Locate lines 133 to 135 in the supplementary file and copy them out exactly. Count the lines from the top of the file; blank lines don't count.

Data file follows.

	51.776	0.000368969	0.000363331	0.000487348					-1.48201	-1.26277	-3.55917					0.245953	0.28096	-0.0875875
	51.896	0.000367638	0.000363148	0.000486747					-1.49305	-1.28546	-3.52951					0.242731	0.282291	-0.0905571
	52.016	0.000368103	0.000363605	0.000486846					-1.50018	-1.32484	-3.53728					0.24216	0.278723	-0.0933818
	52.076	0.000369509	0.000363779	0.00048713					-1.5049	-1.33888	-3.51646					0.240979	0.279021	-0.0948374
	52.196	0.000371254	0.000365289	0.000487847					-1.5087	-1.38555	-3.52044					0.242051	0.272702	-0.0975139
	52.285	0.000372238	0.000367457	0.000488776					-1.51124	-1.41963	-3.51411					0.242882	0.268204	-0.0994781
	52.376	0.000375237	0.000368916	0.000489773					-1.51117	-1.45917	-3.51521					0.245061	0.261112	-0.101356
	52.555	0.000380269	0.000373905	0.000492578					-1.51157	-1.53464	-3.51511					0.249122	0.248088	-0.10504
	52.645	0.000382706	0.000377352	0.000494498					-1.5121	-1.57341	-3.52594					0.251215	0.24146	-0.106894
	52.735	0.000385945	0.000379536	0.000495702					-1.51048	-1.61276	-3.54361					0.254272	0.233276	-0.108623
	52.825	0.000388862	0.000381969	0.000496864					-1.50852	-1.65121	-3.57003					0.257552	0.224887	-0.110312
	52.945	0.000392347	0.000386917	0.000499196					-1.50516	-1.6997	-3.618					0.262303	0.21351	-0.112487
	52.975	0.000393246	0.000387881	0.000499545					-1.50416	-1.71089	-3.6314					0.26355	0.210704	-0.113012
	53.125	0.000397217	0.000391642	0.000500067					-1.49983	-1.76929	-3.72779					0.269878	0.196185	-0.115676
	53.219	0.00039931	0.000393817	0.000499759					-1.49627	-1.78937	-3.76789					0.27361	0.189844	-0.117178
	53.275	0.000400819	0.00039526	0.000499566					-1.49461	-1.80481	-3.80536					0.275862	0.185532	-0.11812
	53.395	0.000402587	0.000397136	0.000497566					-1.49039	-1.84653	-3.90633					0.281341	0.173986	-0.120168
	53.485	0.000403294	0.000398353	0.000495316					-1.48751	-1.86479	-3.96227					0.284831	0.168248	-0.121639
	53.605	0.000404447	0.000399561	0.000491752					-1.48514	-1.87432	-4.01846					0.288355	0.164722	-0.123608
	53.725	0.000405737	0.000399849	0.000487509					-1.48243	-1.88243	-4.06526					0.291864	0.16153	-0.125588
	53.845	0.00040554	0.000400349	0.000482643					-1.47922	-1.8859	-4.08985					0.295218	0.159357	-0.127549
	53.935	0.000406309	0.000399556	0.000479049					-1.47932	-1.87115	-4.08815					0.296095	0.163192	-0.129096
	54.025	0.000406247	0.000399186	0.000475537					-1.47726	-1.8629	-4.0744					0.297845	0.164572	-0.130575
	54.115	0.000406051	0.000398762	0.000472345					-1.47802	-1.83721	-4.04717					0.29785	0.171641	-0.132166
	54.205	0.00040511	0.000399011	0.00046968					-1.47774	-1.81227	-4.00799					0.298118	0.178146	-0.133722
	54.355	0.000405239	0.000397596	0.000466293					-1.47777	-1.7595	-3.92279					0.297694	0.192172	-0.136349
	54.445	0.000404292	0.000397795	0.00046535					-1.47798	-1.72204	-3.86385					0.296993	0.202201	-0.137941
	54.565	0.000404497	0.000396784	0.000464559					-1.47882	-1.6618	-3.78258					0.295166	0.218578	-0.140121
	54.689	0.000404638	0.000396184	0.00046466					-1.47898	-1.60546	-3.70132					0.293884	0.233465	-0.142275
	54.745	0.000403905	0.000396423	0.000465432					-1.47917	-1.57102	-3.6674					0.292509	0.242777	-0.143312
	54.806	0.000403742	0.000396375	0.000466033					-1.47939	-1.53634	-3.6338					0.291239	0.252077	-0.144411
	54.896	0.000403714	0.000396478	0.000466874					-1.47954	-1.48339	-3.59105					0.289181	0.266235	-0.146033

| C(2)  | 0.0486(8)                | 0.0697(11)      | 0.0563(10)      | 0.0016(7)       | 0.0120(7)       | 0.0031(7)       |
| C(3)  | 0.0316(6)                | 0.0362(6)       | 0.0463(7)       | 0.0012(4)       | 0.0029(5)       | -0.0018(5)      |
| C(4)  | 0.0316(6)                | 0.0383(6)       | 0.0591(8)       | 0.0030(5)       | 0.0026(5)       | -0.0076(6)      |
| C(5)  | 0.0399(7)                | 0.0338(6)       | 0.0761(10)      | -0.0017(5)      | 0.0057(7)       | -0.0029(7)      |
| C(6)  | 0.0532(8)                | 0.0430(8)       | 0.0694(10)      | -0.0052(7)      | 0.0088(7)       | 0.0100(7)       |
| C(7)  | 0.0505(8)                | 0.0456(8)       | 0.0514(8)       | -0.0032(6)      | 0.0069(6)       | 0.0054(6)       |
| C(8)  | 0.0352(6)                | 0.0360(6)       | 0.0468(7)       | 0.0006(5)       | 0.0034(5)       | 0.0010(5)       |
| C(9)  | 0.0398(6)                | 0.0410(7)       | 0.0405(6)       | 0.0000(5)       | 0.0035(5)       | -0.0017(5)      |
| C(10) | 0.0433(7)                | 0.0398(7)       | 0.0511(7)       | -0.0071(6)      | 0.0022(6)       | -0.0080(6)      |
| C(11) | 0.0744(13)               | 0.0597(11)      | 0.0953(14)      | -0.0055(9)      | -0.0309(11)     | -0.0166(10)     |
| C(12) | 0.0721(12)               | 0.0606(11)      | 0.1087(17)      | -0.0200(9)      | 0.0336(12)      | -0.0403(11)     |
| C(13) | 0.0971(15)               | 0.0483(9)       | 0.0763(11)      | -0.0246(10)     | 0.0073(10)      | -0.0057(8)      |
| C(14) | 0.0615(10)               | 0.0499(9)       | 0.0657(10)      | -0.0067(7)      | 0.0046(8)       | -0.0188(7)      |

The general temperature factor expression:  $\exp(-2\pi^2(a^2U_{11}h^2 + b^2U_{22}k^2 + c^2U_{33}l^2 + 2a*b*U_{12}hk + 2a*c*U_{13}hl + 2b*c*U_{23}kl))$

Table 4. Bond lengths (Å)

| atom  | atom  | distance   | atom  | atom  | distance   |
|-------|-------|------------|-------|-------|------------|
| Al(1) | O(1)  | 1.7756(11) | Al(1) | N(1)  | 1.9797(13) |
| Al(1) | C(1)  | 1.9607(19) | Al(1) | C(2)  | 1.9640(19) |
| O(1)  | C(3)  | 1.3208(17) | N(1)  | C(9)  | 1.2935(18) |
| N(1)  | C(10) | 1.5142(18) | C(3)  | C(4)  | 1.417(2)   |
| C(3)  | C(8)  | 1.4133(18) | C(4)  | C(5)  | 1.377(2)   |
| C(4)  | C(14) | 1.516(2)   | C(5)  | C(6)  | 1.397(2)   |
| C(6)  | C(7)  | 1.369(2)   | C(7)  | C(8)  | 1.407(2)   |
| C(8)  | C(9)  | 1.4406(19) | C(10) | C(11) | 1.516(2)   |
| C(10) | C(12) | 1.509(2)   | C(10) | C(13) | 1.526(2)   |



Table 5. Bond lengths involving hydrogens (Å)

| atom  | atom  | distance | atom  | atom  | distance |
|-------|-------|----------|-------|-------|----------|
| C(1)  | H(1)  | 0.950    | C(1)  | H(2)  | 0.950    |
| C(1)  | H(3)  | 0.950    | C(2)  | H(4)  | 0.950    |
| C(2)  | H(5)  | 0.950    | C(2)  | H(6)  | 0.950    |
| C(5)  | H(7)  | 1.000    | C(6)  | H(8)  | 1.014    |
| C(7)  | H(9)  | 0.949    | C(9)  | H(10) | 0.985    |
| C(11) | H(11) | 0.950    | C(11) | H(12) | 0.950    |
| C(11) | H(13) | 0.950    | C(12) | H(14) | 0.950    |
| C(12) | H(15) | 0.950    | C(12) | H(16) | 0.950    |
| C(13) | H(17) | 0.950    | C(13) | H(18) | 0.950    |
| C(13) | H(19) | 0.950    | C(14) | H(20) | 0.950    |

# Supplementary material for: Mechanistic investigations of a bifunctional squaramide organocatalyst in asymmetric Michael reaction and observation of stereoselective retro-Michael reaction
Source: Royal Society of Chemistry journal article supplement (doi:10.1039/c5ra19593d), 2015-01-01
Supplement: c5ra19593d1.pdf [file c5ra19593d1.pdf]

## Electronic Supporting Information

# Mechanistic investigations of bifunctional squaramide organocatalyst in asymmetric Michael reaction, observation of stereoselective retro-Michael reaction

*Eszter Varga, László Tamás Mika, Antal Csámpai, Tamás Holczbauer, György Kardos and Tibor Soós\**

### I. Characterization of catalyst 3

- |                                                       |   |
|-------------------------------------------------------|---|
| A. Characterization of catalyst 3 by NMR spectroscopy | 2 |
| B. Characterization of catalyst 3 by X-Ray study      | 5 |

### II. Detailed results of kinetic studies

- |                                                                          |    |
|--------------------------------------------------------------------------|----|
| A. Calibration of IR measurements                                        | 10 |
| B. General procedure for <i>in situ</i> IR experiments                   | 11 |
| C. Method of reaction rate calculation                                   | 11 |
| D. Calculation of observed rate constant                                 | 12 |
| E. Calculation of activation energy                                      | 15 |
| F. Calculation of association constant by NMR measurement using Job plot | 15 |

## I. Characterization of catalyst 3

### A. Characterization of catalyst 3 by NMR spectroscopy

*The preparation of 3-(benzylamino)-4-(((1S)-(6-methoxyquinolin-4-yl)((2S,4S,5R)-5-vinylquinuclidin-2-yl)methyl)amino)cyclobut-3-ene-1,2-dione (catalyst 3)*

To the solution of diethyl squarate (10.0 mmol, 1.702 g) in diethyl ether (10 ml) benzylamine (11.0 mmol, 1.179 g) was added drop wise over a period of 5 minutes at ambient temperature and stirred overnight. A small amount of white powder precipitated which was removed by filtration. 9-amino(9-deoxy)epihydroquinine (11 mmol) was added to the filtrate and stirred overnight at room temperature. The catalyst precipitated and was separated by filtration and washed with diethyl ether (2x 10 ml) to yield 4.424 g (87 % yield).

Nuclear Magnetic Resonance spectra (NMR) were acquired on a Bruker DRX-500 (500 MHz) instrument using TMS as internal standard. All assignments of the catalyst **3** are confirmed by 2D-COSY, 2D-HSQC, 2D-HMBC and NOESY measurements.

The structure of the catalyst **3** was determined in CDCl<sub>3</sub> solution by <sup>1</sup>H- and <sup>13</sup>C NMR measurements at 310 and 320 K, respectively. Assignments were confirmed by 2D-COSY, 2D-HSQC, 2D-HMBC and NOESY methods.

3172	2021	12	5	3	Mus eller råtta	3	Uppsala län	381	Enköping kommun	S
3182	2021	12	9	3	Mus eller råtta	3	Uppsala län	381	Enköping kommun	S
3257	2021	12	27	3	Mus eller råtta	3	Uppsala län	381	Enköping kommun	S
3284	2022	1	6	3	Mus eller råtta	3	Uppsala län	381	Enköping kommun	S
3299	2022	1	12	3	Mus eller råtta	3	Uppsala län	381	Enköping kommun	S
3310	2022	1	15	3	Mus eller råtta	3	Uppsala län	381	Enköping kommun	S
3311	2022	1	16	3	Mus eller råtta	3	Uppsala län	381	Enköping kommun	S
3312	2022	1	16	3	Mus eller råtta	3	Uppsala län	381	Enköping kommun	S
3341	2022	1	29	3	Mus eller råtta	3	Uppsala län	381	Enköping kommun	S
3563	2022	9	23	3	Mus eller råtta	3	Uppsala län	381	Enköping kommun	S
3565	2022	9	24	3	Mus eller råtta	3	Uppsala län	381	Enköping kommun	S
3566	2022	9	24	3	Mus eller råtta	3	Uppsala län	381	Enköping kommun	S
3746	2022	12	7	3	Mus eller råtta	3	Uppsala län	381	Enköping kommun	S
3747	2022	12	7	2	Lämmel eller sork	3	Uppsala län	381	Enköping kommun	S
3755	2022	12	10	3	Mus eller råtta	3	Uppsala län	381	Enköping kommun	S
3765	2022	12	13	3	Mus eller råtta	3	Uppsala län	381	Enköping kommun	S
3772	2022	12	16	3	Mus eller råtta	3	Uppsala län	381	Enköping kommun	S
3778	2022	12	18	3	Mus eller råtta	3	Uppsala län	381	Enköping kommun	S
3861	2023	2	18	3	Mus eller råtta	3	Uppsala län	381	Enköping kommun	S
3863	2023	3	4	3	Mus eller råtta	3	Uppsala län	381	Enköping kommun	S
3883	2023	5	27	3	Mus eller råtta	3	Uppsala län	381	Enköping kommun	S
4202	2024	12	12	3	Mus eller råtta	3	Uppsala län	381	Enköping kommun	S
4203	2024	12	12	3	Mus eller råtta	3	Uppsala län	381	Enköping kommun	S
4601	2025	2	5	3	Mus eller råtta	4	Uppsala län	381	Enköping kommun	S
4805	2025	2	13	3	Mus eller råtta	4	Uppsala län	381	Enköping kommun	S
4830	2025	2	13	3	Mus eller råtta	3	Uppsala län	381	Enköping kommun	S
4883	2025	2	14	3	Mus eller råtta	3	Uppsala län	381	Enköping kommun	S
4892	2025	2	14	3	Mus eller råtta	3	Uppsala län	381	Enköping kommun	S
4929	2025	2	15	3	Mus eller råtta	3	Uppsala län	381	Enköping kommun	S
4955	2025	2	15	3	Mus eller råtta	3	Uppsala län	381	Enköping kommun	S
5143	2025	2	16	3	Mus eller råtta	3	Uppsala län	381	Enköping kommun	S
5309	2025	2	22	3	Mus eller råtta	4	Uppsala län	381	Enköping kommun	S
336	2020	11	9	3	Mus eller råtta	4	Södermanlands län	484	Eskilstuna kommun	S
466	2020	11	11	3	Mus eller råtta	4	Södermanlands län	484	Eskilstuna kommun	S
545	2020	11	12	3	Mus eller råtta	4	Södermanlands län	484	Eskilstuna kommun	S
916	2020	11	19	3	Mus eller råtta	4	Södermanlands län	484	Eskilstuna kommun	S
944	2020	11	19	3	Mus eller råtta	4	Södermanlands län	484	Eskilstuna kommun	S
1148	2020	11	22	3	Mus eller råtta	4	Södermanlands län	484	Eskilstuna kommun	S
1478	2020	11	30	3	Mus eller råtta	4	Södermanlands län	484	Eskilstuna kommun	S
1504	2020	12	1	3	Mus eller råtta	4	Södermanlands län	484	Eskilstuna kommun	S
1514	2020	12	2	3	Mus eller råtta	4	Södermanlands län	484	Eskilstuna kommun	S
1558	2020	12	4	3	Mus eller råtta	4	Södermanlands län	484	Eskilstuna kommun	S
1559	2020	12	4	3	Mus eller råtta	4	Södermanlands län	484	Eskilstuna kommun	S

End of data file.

916	2020	11	19	3	Mus eller råtta	4	Södermanlands län	484	Eskilstuna kommun	S
944	2020	11	19	3	Mus eller råtta	4	Södermanlands län	484	Eskilstuna kommun	S
1148	2020	11	22	3	Mus eller råtta	4	Södermanlands län	484	Eskilstuna kommun	S